Japanese lawmakers have been working on a proposal to issue the country's own digital currency, Reuters reported citing parliamentarians. The move signals the alarm the country is feeling about Facebook's Libra and China's move to create digital yuan. A group of ruling party lawmakers are moving ahead with the plan by the creation of the proposal.
Norihiro Nakayama told Reuters that this could be a joint initiative between the government and the private sector. The parliamentary vice minister for foreign affairs believes that this could put Japan in tune with the global changes in financial technology.
"The first step would be to look into the idea of issuing a digital yen," said Nakayama, a key member of the group comprised of about 70 Liberal Democratic Party lawmakers.
"China is moving toward issuing digital yuan, so we'd like to propose measures to counter such attempts," he said on Thursday.
The proposal will be submitted early next month
The group, led by party heavyweight and former economy minister Akira Amari, plans to submit its proposal to the government as early as next month, Nakayama said.
While Japan is unlikely to issue digital currencies any time soon due to technical and legal hurdles, the move comes in the wake of a decision by the Bank of Japan to join six other central banks to share expertise on doing so in the future.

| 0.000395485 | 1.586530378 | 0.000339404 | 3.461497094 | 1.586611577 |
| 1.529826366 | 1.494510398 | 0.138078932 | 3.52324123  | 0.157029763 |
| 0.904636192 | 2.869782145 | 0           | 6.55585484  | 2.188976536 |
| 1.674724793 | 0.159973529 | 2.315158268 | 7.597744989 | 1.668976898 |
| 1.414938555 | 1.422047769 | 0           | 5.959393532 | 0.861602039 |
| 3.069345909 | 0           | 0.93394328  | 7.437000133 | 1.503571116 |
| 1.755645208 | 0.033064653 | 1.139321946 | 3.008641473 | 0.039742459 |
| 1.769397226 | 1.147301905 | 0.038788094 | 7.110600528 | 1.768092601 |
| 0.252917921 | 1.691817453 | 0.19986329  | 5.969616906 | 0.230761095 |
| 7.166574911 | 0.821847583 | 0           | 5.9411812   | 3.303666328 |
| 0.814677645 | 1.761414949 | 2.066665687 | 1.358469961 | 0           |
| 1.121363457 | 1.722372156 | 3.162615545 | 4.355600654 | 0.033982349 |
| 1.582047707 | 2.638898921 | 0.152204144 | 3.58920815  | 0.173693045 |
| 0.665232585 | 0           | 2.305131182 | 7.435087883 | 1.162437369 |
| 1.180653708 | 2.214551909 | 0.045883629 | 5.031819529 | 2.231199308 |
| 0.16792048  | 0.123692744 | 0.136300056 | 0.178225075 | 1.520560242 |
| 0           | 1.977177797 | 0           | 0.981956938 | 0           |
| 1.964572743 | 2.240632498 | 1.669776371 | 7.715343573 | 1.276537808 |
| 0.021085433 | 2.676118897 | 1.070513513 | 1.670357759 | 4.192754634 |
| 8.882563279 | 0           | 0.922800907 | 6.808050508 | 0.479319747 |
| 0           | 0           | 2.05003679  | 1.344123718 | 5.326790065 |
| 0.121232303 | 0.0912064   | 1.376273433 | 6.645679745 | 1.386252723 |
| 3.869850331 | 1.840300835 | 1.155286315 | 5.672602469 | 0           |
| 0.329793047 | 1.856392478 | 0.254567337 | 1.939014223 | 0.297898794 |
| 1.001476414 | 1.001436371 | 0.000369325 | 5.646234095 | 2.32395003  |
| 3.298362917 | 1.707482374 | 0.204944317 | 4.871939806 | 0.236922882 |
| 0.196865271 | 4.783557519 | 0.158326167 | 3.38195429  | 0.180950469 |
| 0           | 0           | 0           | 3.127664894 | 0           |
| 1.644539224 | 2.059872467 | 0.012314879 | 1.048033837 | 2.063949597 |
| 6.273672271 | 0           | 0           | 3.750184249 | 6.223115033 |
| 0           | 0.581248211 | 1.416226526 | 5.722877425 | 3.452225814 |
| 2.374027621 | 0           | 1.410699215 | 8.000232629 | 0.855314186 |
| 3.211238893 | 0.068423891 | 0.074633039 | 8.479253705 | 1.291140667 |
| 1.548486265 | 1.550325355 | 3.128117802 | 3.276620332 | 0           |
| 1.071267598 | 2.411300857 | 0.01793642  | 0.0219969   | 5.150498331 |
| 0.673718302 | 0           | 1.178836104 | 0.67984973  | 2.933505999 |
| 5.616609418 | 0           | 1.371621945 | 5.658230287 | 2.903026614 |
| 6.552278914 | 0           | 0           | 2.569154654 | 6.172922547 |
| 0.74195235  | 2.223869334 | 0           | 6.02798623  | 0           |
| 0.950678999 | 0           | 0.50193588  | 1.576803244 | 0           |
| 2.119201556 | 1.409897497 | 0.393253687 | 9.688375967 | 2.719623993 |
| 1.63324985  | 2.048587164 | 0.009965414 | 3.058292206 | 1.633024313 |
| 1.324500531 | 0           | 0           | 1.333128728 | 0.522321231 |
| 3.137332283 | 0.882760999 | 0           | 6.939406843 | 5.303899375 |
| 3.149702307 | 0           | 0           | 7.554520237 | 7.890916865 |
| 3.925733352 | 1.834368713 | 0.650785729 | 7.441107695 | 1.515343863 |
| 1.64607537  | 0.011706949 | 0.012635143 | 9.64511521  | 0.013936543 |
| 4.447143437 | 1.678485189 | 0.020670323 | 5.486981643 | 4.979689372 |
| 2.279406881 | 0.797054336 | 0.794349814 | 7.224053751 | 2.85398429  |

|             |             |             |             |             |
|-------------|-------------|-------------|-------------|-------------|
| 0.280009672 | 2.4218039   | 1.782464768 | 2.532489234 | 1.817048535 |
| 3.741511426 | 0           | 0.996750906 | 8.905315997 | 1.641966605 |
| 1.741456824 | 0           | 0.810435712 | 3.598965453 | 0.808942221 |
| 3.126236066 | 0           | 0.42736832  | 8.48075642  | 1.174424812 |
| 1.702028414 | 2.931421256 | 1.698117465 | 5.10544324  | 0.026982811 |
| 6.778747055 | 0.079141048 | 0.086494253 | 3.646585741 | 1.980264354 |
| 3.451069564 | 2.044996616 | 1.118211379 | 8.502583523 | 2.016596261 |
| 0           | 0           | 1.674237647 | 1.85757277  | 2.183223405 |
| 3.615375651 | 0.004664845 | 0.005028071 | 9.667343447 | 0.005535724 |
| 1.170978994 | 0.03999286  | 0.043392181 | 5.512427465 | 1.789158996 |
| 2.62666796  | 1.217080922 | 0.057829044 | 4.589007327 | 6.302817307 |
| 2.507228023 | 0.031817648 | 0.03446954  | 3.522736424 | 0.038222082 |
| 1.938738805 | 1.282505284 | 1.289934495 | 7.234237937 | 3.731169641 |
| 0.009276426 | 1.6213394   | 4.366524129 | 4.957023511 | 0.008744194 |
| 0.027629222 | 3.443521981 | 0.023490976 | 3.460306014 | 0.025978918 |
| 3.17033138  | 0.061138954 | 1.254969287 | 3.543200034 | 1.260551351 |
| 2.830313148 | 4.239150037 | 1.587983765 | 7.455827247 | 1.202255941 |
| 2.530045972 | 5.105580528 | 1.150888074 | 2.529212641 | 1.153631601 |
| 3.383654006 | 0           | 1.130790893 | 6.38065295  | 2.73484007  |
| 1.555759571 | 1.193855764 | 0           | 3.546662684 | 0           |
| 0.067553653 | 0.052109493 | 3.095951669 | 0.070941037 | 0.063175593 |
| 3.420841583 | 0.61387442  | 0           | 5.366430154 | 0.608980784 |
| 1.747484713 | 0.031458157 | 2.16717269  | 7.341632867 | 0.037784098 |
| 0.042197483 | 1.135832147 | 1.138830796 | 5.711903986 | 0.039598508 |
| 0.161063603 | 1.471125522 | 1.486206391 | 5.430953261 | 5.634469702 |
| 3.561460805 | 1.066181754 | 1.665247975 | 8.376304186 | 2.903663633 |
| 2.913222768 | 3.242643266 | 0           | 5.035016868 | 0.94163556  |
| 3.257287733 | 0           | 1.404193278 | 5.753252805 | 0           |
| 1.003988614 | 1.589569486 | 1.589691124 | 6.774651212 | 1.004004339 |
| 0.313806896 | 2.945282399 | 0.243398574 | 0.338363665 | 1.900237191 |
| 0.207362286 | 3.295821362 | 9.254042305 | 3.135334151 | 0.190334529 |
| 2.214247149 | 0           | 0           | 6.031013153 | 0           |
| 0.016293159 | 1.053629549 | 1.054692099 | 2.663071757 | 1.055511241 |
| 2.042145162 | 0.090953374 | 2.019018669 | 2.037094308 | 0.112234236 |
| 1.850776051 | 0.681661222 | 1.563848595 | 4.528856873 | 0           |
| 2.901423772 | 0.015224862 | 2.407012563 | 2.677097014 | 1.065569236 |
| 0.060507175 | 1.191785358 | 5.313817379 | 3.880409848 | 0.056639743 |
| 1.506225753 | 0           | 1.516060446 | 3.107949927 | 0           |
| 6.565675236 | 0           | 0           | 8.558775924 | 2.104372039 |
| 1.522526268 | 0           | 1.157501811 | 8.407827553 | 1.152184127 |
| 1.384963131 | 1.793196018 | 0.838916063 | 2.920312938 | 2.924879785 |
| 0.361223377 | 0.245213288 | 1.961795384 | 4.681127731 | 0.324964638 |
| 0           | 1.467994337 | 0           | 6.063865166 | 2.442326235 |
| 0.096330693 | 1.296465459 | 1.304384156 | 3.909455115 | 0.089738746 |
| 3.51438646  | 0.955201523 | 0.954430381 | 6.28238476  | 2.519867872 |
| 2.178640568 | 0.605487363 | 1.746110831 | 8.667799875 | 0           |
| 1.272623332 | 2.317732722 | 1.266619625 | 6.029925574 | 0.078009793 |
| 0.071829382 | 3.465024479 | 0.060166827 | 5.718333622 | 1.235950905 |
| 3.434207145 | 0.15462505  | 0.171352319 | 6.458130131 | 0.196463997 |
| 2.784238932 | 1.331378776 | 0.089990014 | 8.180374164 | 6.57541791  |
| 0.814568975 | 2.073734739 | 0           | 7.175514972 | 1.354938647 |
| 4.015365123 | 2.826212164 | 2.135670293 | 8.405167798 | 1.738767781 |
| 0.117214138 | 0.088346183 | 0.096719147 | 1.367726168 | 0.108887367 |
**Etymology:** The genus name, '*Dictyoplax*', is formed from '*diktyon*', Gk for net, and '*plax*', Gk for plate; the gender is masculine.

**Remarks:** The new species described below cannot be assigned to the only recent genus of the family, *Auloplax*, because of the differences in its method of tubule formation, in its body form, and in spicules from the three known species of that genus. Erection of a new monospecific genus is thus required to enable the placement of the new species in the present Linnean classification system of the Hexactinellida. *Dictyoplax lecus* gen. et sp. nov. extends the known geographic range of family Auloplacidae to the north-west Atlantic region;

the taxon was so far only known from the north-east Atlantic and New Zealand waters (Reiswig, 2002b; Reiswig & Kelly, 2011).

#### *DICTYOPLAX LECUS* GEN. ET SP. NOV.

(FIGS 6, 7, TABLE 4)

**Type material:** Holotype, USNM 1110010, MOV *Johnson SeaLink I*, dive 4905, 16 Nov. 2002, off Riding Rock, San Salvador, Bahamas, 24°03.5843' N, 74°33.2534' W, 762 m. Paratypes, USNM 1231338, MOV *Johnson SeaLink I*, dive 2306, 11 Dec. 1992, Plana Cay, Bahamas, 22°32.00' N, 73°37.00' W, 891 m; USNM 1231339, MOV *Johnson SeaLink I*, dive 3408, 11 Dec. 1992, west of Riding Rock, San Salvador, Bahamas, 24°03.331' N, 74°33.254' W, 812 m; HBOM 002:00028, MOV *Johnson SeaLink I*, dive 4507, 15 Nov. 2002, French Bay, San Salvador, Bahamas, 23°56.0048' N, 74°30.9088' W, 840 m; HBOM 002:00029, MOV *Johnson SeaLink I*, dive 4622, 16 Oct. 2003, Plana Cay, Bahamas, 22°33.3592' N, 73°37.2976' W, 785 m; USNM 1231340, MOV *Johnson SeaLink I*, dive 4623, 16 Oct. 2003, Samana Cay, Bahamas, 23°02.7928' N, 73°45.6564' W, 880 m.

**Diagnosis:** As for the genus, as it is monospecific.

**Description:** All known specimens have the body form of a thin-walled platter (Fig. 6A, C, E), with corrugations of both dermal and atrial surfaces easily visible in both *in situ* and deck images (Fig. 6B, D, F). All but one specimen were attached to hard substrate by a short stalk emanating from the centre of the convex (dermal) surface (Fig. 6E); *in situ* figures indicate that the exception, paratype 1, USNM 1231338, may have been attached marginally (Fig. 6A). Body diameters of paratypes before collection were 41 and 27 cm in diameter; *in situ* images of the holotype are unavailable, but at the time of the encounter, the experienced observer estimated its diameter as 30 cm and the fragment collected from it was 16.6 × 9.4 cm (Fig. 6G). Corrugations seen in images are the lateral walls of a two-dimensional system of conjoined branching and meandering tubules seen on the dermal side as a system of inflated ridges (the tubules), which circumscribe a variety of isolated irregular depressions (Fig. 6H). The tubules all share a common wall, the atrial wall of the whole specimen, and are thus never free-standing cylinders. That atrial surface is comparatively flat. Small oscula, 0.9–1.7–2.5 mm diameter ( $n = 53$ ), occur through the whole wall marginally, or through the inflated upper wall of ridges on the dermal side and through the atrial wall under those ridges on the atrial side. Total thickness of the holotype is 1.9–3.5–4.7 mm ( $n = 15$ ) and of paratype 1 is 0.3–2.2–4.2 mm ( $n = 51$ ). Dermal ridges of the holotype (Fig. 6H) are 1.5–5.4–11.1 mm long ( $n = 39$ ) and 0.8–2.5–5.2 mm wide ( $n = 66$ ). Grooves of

In a sign of increased attention on digital currencies in political circles, Prime Minister Shinzo Abe told parliament on Friday the government will work with the BOJ in studying digital currencies and find ways to enhance the yen's convenience as a settlement means.
Facebook's launch of Libra cryptocurrency
Facebook's push to launch its Libra cryptocurrency has prodded central banks to quicken the pace at which they look at issuing digital currencies. Of the major central banks, China's has emerged as the frontrunner in the drive to create its own digitized money, though details of its project are still scarce.
Some Japanese lawmakers have voiced concern over Beijing's move as an attempt to expand the yuan's use as a settlement currency in emerging economies. Finance Minister Taro Aso said earlier this month that it would be a "very serious problem" if digital yuan becomes a popular means for international setttlement, as Japan settles transactions mostly in dollars.
Former BOJ board member Takahide Kiuchi, however, said China and Japan have different reasons to consider issuing digital currencies. For China, the motivation is to enhance the yuan's clout in the global community; for Japan, it would be to change the country's cash-loving culture, he said.
"The BOJ probably won't want to do anything that would stifle private-sector innovation. The best way could be to issue a hybrid-type digital currency that is operated and issued by private firms, with the central bank's involvement," he said.
(With inputs from agencies)